Maggie O’Farrell’s beautiful 2020 novel Hamnet, which imagined the domestic life of the Shakespeare family and the emotional and critical impact of the death of their 11-year-old only son, won a slew of awards and became a much-loved lockdown bestseller.
One of the things that made the novel so special is that it largely inverted the prevailing perspectives of the great playwright William Shakespeare and his wife Agnes Hathaway. Too often, she has been depicted as a shrewish, illiterate woman who got pregnant and forced him into an unequal marriage. A woman who was left behind in Stratford to look after the children while William set off to London to find his fortune.
Instead, of focussing on Shakespeare (he is never named in the novel, only referred to as “the Latin teacher”, the father or the husband), O’Farrell puts Agnes Hathaway centre stage, depicting her as a formidable woman of the country. Her ability and instinctive understanding of nature made her a powerful herbalist, someone whose impressive witch-like talent for creating lotions and potions were well-known in the local area. In addition, she is endowed with psychic abilities including something approaching the likes of clairvoyance.
Although there seemed an inevitability that the Royal Shakespeare Company would adapt O’Farrell’s novel, given the appositeness of the source material, it doesn’t mean that Hamnet would not pose considerable challenges for Lolita Chakrabarti taking the story from page to stage.
One aspect of 16th-Century life that the novel captures beautifully is that the division between the “real world” and the supernatural realm was considerably more porous than we would ever accept these days. While the written word can more easily provide the transportation needed to convey the more imagined or imaginary elements, a stage presentation by nature is more literal. When we first meet Agnes (pronounced Ann-yis), she is immediately unconventional. Her face is lit up with delight as she watches her kestrel soar, a breathy soundscape suggesting a telepathy between Agnes and her surrounding world.
While Madeleine Mantock‘s Agnes is strong and grounded, unafraid to stand her ground when she first meets her future husband, director Erica Whyman‘s production surrounds the character with surreal, dreamlike elements. When she becomes pregnant first with Susanna and then with the twins Judith and Hamnet, she hears premonitory whispers on the wind of their voices. When she gives birth to them, the grown version of each child ethereally carries the baby of themselves and delivers it to their mother. It’s surreal and an exquisitely beautiful exchange, conveying the infrangible bond between mother and child. There is a dark foreshadowing in Agnes confusion that she had foreseen only two children in her future.
The issue that blights this production is one of balance. While transcendental moments of Agnes’s otherworldliness soar, most of the first act remains flat. The linear approach to the unfolding events in the lives of the Shakespeare family – complete with bullying fathers, embittered relatives, an awkward marriage between two families – gives the house on Henley Street rather too much Coronation Street melodrama.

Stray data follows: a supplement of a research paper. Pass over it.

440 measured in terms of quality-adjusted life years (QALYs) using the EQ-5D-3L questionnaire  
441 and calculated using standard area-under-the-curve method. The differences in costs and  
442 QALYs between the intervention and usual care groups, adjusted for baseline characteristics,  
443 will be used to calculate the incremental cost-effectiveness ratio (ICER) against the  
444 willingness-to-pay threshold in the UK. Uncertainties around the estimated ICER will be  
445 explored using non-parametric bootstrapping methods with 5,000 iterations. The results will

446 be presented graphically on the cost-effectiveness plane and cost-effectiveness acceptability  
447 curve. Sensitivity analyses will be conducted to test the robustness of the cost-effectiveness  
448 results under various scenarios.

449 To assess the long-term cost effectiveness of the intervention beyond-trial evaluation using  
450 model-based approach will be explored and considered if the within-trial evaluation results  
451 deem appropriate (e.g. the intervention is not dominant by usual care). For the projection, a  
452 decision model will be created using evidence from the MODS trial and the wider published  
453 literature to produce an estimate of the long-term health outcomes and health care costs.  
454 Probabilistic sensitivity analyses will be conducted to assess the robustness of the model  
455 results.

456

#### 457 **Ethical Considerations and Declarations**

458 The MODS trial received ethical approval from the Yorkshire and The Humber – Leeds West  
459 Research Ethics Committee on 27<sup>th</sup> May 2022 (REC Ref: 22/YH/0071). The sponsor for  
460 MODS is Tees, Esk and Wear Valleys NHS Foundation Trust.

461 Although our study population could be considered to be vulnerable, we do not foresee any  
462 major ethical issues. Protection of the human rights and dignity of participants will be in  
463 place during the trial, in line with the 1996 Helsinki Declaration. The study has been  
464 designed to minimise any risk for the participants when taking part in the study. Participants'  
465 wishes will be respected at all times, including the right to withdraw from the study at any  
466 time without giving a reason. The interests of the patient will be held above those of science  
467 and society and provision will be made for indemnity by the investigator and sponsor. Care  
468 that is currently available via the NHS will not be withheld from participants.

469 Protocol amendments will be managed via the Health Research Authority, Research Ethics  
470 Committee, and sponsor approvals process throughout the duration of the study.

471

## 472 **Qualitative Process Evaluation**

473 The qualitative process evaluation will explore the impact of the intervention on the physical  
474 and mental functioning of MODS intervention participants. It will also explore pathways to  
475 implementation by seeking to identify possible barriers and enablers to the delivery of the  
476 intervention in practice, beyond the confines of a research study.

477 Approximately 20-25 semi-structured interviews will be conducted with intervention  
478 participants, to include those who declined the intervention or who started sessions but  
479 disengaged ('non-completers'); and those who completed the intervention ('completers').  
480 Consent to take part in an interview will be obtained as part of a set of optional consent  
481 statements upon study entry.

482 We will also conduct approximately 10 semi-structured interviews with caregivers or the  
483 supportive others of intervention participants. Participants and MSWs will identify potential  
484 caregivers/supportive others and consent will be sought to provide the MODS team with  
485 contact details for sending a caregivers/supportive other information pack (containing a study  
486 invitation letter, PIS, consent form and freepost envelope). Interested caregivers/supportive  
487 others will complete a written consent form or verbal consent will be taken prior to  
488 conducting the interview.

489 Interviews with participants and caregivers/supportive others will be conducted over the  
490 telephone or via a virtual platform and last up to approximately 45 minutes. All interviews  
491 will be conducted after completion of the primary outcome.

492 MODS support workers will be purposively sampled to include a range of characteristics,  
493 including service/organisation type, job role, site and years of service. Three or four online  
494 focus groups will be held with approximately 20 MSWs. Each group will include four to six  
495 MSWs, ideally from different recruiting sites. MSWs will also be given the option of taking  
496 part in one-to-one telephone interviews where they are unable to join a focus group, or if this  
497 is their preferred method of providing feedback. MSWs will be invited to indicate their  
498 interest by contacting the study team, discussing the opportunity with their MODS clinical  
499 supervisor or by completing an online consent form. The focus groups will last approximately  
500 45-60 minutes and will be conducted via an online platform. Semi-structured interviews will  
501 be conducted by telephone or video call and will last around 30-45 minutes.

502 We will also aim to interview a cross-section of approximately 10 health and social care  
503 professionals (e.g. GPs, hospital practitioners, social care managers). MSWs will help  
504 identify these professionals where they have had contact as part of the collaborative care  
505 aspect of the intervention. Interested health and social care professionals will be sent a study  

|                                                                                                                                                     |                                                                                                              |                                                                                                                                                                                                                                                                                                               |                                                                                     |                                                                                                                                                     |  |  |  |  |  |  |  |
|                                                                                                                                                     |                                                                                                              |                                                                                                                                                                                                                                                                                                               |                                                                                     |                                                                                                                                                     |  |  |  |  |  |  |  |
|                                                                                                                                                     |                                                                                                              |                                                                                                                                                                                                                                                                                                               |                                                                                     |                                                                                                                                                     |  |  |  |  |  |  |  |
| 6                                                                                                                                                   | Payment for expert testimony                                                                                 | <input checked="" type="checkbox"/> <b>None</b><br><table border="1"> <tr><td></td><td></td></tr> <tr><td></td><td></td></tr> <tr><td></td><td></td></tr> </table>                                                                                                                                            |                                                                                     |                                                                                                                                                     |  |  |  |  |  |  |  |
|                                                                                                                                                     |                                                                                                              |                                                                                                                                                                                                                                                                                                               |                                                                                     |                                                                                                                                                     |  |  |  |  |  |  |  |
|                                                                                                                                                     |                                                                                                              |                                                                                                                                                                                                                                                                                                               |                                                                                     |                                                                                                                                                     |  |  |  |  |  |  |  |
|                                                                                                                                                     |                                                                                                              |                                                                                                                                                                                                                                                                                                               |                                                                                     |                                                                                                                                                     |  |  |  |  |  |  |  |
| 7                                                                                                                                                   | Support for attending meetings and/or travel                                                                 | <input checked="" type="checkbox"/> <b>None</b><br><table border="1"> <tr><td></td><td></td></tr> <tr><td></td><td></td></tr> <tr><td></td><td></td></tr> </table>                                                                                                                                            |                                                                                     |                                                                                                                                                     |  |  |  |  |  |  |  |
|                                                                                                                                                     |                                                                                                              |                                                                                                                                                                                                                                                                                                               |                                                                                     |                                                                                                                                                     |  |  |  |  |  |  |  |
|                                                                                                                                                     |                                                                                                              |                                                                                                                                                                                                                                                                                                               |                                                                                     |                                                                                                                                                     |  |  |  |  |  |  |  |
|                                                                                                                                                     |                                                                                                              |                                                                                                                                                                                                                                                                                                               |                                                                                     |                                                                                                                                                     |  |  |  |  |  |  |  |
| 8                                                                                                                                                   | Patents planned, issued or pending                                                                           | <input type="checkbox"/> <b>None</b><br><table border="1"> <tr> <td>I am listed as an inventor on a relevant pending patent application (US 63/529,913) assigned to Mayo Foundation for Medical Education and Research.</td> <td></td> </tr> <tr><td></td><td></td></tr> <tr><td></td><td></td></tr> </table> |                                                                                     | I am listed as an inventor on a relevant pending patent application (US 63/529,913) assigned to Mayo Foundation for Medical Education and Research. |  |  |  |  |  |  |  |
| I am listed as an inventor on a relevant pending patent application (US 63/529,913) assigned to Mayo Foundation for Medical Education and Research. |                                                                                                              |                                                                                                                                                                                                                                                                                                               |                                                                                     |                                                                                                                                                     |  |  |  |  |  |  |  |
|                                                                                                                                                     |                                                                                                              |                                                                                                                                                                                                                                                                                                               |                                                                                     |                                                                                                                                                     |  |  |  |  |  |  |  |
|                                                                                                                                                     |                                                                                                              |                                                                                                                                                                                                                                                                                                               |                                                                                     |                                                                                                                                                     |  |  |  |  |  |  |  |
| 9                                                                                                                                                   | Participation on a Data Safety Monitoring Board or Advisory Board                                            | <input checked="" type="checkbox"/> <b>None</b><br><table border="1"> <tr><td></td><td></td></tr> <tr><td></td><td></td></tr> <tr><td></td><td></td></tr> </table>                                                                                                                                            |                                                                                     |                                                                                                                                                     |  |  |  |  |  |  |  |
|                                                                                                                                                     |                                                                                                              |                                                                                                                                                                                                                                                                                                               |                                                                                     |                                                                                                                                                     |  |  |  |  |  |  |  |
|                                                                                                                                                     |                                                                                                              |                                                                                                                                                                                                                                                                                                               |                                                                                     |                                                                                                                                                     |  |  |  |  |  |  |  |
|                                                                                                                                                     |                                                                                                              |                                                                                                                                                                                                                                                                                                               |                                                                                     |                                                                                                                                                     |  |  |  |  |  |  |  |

Likewise the overlong first act is all set-up and a bit of ominous foreshadowing thrown in. It lacks the kernel of genuine conflict essential in drama, which of course the slightly rushed second half has in spades. The tragedy of Hamnet (played with a wonderful lack of guile by Ajani Cabey) unfolds with a terrible, dark beauty. Comforting his twin who has all the symptoms of plague, he stays with her in her bed overnight but she is the only one to wake up the next morning. That Will arrives back from London too late because his horse was lame, a chasm opens between Shakespeare and his wife. Announcing that he is going back to London only a week after his son’s death, he insists “I can’t breathe here”. His wife’s fury “Where is your despair?” is followed by five months of absence. In a truly heart-breaking finale, Agnes ventures to London furious that the playwright is “using our son’s name for a pageant”. Instead, realising that Will has poured all his grief into the play, the beginning of reconciliation and shared grief comes with Agnes’s recognition of her husband’s talent. “You possess the words. You make him live again”.
While Hamnet too often leaves characters underdeveloped – the scenes with Shakespeare in London with Will Kempe and Richard Burbage fall dangerously close to deleted scenes from Upstart Crow – if you are going to centre a drama so heavily around one character, then you better make sure the casting is right. Madeleine Mantock is mesmerising as Agnes Hathaway. She slips so effortlessly between strong groundedness and unworldly otherness, there’s never a moment you aren’t transfixed by her psyche. It’s a fascinating, controlled, understated performance that draws you in. When her darkest moment arrives, you are so invested in her character, you share the depths of her loss with her. It’s powerful theatre indeed.
Although uneven in places, Hamnet delivers some incredible moments of theatre – ★★★★ 4 stars